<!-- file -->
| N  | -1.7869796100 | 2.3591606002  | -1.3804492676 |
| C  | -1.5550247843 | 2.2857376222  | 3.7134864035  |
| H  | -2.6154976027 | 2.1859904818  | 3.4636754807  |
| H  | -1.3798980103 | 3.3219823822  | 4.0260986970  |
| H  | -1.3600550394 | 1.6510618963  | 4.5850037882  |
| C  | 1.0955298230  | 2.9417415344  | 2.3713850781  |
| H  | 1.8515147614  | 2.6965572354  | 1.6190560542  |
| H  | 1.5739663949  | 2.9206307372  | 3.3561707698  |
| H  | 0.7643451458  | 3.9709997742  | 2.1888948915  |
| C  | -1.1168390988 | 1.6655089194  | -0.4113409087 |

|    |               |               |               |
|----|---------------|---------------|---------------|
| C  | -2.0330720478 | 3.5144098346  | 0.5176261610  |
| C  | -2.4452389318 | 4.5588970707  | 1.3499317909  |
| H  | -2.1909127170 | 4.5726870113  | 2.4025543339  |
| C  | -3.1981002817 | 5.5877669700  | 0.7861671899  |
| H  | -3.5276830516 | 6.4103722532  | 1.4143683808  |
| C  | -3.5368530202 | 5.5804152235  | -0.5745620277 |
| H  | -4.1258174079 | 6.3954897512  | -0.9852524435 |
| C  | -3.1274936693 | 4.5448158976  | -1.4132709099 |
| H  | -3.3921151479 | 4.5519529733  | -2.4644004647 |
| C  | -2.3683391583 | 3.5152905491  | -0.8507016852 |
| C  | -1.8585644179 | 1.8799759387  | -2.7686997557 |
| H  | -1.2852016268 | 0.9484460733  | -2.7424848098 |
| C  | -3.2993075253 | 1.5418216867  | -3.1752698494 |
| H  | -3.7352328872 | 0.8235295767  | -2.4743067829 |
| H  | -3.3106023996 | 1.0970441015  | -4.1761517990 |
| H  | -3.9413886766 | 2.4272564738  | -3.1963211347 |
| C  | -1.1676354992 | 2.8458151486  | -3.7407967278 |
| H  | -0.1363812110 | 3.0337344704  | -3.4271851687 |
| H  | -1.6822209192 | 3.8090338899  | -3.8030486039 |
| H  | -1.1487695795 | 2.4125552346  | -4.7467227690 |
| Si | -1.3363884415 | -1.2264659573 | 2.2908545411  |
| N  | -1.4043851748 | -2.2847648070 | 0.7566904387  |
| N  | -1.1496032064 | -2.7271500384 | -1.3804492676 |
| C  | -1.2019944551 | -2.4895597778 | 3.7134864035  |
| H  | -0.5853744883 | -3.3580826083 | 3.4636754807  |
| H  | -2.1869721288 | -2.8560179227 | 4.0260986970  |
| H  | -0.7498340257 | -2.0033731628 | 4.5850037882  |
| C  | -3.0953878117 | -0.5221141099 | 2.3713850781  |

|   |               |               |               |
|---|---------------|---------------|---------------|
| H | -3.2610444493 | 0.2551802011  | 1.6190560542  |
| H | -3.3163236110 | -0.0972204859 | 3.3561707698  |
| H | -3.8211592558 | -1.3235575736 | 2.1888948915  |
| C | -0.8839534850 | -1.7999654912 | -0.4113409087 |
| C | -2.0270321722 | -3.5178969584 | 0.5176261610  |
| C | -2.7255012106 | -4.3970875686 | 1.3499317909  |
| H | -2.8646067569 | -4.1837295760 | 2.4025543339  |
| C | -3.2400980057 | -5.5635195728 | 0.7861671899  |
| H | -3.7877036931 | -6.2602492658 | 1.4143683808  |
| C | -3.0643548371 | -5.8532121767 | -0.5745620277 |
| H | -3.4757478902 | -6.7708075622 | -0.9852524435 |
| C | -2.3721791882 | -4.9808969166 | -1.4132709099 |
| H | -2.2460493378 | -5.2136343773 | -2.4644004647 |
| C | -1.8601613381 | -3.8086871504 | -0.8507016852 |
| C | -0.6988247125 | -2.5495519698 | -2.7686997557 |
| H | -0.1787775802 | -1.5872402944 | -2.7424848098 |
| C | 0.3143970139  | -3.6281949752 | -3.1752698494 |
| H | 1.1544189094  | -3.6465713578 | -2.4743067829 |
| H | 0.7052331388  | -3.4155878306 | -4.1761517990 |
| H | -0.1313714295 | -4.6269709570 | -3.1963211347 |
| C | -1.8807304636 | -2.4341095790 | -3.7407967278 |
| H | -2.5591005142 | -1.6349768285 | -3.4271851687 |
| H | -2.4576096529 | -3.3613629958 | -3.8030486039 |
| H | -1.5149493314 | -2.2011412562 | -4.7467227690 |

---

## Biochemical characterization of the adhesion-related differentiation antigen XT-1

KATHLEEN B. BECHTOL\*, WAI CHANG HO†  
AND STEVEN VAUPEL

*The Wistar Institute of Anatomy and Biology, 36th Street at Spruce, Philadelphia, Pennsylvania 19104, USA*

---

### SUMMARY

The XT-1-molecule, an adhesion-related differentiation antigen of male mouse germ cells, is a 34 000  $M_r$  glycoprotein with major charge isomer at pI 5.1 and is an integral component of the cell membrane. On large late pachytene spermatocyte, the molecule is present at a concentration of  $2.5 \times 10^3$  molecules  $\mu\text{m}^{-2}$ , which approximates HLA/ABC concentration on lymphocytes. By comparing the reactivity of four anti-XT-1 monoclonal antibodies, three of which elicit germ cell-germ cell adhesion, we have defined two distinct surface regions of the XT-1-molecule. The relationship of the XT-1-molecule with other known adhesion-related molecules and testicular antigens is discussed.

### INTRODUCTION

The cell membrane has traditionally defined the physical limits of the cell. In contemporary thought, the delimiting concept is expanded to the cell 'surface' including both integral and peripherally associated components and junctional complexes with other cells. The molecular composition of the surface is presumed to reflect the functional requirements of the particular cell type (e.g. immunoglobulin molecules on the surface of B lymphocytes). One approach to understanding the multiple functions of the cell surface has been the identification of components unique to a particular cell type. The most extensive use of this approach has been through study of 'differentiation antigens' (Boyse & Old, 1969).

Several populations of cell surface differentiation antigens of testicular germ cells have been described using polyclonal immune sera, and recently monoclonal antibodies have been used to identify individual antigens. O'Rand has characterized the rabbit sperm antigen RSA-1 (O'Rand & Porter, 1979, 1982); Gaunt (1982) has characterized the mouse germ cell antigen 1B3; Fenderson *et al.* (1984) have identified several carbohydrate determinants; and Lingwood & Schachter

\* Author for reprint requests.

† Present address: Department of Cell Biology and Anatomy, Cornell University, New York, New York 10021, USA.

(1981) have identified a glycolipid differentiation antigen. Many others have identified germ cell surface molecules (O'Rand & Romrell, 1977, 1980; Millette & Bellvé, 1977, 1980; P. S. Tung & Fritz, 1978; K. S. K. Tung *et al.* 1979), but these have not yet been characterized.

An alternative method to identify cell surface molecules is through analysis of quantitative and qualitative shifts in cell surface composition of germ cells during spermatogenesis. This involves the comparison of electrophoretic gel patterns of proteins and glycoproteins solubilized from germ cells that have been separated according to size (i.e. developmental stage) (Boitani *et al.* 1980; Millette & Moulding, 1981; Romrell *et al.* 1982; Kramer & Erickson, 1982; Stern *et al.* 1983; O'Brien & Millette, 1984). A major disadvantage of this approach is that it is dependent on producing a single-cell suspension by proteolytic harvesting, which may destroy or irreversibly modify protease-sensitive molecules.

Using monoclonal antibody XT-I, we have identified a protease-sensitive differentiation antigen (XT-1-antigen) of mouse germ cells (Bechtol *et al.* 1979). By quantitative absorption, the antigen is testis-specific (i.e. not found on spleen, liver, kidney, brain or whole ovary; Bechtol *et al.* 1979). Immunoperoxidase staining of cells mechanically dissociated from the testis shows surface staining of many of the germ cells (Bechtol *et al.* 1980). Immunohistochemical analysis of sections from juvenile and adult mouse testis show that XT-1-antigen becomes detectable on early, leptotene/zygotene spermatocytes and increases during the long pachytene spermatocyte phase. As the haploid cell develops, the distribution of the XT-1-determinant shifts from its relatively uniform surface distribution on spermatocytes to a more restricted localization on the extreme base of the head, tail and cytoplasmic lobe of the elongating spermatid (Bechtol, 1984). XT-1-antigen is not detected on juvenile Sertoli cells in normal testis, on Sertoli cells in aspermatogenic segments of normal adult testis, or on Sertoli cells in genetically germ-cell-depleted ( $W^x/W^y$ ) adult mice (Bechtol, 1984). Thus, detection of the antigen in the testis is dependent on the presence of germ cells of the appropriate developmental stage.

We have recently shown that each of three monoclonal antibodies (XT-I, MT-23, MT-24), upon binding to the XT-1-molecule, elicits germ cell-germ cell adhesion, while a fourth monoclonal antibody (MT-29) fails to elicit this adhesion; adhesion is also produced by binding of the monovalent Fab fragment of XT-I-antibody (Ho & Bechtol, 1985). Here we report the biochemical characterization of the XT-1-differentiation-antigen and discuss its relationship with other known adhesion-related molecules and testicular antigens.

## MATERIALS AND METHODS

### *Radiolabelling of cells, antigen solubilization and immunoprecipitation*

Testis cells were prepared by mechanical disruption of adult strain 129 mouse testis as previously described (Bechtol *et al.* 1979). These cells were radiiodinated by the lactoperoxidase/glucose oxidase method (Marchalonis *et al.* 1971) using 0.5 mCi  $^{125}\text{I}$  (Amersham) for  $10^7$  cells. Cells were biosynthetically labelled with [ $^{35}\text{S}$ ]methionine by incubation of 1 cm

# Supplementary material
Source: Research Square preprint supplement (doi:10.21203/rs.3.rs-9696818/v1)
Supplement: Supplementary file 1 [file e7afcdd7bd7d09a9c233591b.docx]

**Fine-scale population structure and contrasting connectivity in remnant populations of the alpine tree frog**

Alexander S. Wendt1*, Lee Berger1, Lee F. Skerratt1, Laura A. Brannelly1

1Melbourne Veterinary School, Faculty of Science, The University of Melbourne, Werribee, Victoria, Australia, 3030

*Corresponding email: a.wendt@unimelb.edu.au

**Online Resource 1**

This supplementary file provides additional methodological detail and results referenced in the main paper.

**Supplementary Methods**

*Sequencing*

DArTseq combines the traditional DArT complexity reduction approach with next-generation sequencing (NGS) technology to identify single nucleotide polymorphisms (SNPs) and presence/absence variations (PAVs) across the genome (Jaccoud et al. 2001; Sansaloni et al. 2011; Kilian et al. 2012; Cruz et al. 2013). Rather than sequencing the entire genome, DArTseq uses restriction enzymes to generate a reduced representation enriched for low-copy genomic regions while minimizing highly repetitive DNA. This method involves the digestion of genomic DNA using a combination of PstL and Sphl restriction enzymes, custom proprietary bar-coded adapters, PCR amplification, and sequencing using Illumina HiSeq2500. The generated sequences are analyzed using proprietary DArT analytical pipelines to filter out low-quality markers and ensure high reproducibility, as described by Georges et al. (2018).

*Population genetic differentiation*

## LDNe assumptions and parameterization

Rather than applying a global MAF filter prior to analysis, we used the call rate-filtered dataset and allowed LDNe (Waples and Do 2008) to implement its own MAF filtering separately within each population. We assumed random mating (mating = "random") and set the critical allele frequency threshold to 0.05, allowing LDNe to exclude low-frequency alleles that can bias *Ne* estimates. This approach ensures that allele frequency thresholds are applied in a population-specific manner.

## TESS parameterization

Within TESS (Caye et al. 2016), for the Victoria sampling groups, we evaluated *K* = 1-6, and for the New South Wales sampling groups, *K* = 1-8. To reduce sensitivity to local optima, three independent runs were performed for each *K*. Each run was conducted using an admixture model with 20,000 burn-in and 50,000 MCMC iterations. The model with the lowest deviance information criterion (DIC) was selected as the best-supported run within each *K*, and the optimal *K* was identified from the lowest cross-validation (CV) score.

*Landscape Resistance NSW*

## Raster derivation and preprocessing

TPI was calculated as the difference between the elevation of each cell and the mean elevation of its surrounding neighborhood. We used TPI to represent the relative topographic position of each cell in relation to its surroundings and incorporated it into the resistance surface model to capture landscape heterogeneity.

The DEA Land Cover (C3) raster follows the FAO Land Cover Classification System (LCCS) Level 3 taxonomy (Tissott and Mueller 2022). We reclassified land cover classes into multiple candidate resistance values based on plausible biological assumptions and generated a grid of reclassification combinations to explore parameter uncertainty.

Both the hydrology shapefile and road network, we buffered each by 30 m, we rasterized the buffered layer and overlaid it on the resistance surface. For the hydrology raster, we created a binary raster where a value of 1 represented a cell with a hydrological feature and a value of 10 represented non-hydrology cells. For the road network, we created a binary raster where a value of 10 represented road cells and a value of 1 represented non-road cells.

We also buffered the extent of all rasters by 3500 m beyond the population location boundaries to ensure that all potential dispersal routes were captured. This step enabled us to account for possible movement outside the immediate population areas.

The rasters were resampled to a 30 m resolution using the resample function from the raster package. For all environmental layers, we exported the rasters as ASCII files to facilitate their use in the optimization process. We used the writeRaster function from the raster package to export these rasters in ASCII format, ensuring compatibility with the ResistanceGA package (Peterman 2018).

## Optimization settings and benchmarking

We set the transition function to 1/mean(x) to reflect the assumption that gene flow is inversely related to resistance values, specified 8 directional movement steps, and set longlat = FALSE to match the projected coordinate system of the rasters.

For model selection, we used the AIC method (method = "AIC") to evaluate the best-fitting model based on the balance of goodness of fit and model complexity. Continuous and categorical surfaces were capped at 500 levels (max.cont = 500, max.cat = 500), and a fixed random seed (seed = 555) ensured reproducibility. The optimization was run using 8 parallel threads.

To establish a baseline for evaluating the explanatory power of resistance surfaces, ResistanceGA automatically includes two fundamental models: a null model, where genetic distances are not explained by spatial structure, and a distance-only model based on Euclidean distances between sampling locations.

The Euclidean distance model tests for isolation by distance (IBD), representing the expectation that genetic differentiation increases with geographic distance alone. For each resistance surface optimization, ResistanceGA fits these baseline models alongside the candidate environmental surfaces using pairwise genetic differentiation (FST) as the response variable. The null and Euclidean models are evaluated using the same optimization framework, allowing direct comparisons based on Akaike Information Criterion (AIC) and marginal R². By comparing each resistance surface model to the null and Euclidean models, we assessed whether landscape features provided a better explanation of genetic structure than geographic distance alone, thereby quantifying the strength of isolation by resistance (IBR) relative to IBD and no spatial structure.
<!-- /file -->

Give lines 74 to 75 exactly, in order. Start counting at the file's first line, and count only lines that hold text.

The XT-1-molecule, an adhesion-related differentiation antigen of male mouse germ cells, is a 34 000  $M_r$  glycoprotein with major charge isomer at pI 5.1 and is an integral component of the cell membrane. On large late pachytene spermatocyte, the molecule is present at a concentration of  $2.5 \times 10^3$  molecules  $\mu\text{m}^{-2}$ , which approximates HLA/ABC concentration on lymphocytes. By comparing the reactivity of four anti-XT-1 monoclonal antibodies, three of which elicit germ cell-germ cell adhesion, we have defined two distinct surface regions of the XT-1-molecule. The relationship of the XT-1-molecule with other known adhesion-related molecules and testicular antigens is discussed.

### INTRODUCTION